$103 million museum-visitor center to help orient visitors to Gettysburg


Without an itinerary, it's easy to become overwhelmed by the vastness of Gettysburg's battlefield &

a 6,000-acre expanse dotted with nearly 1,400 memorials and monuments to North America's bloodiest battle.

Park officials are hoping that a $103 million museum and visitor center scheduled to open April 14 will give visitors a better starting point for exploring the site where Union armies beat back Confederate Gen. Robert E. Lee's assault on northern territory, and where Abraham Lincoln delivered his most famous speech.

The complex is a red and gray stone structure reminiscent of a 19th-century barn and covering the equivalent of 21/2 football fields. It is tucked into a wooded area on the Gettysburg National Military Park &

land that saw no major action in the three-day Civil War battle in which more than 51,000 Confederate and Union soldiers were killed, wounded or captured.

It also will provide a new home for the famous "Battle of Gettysburg" cyclorama painting, a 377-foot cylindrical canvas that gives viewers the feeling of being placed in the middle of Pickett's Charge, the climactic clash on the final day of battle.

A team of conservators has been working for the past five years on restoring the 1884 painting to its original condition. It is scheduled to open in September.

The complex is located about two-thirds of a mile southeast of the current visitor center &

built in 1921 and acquired by the National Park Service 50 years later &

and a 1962 building that housed the cyclorama. The cramped, deteriorating facilities are both situated on the Union battle lines on Cemetery Ridge and will be razed as part of a related battlefield restoration project.

In the lobby, an orientation theater will show a three-minute video that provides an overview of the museum, battlefield and town and advises visitors on how to plan their itineraries.

Visitors can also buy tickets to a 22-minute feature film, "A New Birth of Freedom," designed to give them a more vivid sense of the battle's sights and sounds, as well as its aftermath. The movie will be shown by itself initially, and then in conjunction with tours of the cyclorama when the painting opens.

The museum has 11 galleries arranged in chronological order, placing both the battle and the Civil War in the context of American history. Featured artifacts include the door to abolitionist John Brown's jail cell in Harpers Ferry, field camp equipment used by Lee, and a display of artillery shell fragments that illustrates the intensity of the firepower that bombarded Confederate troops during Pickett's Charge.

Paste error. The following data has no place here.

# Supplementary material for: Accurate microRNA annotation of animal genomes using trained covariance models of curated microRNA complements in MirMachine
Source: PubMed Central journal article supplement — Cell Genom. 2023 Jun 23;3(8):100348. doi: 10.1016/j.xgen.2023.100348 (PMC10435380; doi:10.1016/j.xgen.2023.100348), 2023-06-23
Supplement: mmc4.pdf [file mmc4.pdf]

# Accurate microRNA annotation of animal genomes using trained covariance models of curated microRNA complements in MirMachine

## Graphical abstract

"It certainly will provide (people) with a much better understanding, and I hope appreciation, for the courage and sacrifice that these men and women displayed at this time in history," said Paul Shevchuk, a park museum specialist.

Interactive touches &

both high- and low-tech &

are scattered throughout the museum.

Visitors can touch a replica of slave shackles and find out for themselves how heavily a soldier's backpack weighed him down. Using touch-screen computers, they can learn how to recognize bugle calls, decode signal corps flag messages, and locate battlefield monuments.

"We only wanted to use technology where we thought it actually helped us tell the story," said Robert C. Wilburn, president and chief executive officer of the nonprofit Gettysburg Foundation, which has been raising money for the project as part of a broader campaign to improve the park.

Other amenities include multipurpose classrooms, a bookstore and gift shop, and a "refreshment saloon" whose menu includes Civil War-era fare such as hardtack, a hard biscuit made of flour, salt and water and known to resist spoiling as long it was kept dry.

To better preserve the collection of more than 300,000 artifacts and 700,000 documents, maps and photographs, the facility has a new climate-controlled storage area.

And for hardcore historians, a library and reading room containing 6,800 volumes, including 800 rare books, will be open by appointment.

The foundation will operate the new museum and visitor center for the next 20 years. After that, the land and buildings will be donated, debt-free, to the National Park Service.

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